With technologies like IVR, it takes original thought to reach the next level. It’s why Steve Jobs had such an impact. But the same is true for most things, technical or otherwise—real advancements only come from original thought.
The Road Racing World Championship Grand Prix (MotoGP) season just concluded yesterday with the final race of the calendar in Valencia, Spain.
For those of you unfamiliar with MotoGP, it’s the pinnacle of road motorcycle racing—the guys on the Ducatis and Yamahas leaned way over with their knees touching the ground in every corner.
MotoGP riders, or ‘pilots’ as they’re called in Europe, ride the fastest race bikes on the planet. They routinely hit speeds of around 200 miles per hour in the straights. They’re incredibly talented, and also a little crazy.
In the documentary Faster, seven-time MotoGP overall champion Valentino Rossi (he’s Italian, in case you hadn’t guessed) had this to say about the 500cc MotoGP bikes—
“The 500 is another world. The bike is from another world…At the beginning when you try first the 500—Ah, fwak!”
In Faster, MotoGP journalist Julian Ryder said this of the racers—
“Anybody who could ride a 500cc GP motorcycle well enough to qualify on the Grand Prix grid is a hero. Anybody! Because these things are the most evil devices if you treat them wrong. And they will bite.”
Yeah, the racers are a little nuts all right. Listen to this…
A few years back, the bikes’ engines were beginning to outclass the tires they rode on—they went faster than the tires could handle. In the 1980s, a few of the riders came up with a new way to turn the bikes so they could run them faster.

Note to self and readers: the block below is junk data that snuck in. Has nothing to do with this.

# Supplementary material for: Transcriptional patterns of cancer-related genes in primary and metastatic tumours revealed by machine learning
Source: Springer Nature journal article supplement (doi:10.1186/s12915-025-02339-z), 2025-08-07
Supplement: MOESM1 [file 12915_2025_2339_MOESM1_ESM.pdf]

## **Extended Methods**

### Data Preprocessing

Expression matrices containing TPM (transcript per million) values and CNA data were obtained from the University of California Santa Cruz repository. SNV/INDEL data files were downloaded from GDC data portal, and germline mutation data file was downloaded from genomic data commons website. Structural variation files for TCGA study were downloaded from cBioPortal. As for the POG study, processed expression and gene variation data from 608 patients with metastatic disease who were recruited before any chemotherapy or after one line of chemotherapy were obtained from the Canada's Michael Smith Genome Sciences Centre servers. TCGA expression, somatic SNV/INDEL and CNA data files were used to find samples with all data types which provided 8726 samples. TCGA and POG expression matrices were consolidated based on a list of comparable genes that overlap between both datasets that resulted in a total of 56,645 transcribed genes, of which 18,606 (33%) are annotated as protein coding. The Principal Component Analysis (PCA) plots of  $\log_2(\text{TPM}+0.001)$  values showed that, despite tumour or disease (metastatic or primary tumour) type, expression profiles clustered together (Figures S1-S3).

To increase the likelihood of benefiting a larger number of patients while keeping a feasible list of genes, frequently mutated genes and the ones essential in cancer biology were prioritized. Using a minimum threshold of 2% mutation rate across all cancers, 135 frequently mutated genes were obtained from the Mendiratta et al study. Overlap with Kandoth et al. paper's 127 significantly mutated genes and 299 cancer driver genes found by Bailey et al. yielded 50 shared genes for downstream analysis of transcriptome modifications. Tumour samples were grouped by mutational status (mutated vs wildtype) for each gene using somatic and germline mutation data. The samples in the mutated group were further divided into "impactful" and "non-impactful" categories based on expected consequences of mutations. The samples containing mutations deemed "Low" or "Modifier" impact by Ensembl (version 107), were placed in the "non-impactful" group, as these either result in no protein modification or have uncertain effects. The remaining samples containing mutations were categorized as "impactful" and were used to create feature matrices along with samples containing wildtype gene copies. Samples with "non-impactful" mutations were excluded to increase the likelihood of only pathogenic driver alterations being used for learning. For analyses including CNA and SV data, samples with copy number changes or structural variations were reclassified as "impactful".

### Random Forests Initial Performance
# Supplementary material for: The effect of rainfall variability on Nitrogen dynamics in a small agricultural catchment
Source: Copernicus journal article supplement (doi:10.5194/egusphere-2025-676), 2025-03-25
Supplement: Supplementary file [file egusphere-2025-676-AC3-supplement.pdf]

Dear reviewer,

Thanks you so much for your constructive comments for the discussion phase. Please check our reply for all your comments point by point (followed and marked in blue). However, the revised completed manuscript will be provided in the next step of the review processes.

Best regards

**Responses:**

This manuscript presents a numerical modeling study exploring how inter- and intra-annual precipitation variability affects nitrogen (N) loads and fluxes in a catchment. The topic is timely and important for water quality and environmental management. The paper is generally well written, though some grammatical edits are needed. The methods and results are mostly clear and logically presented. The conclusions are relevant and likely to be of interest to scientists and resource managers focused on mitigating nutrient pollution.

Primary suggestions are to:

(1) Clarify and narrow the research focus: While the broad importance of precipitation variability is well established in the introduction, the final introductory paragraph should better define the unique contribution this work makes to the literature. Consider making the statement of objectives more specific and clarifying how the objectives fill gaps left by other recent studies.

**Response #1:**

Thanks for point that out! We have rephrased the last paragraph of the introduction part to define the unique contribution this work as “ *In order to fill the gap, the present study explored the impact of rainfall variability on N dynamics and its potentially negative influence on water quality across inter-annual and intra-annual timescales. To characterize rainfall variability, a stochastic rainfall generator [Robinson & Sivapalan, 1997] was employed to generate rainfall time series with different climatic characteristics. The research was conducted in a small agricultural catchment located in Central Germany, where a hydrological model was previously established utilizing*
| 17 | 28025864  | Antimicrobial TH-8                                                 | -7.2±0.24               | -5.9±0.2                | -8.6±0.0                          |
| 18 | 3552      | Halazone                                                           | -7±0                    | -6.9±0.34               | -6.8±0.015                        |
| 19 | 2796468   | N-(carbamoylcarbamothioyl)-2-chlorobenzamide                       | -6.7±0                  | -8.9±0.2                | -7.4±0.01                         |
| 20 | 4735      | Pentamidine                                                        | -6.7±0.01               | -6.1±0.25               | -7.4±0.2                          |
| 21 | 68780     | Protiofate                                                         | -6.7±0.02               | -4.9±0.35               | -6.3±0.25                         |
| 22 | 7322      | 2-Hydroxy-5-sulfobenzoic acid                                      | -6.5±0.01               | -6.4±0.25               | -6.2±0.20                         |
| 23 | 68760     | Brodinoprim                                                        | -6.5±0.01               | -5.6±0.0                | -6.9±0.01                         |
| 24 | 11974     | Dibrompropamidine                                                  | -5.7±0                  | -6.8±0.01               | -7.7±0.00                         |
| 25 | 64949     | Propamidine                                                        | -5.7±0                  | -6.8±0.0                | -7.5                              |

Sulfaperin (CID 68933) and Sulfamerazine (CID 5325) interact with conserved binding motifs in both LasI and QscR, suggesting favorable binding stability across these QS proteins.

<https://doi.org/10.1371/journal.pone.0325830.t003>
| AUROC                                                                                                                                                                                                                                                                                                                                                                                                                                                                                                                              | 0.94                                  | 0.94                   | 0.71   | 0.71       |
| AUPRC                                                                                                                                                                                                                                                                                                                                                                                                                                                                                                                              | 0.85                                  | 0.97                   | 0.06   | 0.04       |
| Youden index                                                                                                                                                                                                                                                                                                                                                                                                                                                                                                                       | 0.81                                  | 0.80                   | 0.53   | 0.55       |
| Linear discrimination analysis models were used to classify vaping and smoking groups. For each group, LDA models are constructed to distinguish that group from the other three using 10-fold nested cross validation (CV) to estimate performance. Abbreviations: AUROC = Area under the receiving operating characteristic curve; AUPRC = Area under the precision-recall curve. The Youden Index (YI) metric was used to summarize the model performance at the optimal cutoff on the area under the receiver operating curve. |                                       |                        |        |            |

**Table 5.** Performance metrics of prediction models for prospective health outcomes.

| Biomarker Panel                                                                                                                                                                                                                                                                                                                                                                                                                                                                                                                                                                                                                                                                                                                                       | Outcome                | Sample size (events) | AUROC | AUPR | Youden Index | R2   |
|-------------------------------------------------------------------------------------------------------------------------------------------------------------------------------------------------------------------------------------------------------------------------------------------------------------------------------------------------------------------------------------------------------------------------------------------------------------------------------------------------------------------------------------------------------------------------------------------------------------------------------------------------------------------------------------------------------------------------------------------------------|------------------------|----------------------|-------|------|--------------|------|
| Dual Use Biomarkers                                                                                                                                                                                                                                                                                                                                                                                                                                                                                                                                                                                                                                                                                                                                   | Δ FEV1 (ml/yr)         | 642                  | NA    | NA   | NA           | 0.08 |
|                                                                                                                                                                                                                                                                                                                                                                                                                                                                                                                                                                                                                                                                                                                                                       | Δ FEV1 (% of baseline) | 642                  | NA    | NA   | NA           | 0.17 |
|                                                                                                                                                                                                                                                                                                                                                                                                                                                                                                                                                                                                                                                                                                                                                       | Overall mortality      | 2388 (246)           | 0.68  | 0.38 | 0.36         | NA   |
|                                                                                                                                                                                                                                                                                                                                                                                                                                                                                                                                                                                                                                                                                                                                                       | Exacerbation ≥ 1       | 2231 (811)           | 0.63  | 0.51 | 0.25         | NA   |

Instead of turning with the front wheel or leaning the bike with both tires gripping the pavement, they started steering with the rear wheel spinning on the pavement. So basically drifting the rear wheel on the turns like the rally car drivers do on dirt.
Three-time MotoGP champion Wayne Rainey said it was better given the technology they were working with. The tires have subsequently improved, so riders don’t tend to drift as much these days. But at the time, the Yamaha YZR500 bike the American rode didn’t handle that great, and this was his solution.
“I could slide it where I wanted to. I was having so much fun,” he supposedly said.
Then came Australian Gary McCoy, the “Slide King.” He took drifting around corners to a whole new level. In fact, he applied oversteering to nearly every corner.
In videos, you can see McCoy come into corners with the bike countersteering (setting up a corner by steering in the opposite direction of the turn, then sliding around the correct way through the turn—exactly what rally car drivers do).
It seemed crazy and counterintuitive. Crazy because the bike was always sliding all over the place. Counterintuitive because it should have worn the tires faster.
With any motor sport, tires wear during the course of races. Conserving them is crucial. But what McCoy did actually wore the tires less. It was totally counterintuitive, but if he rode normally, the entire tire heated up, wearing it down. If he spun it, only the surface heated up, conserving the rest of the tire.
Weird, but there you have it. Whether it’s motorcycle racing, MP3 players or IVRs, evolution comes from original (and sometimes counterintuitive) thought.
Here’s McCoy in action (or, “Mac coy en accion” with name misspelled):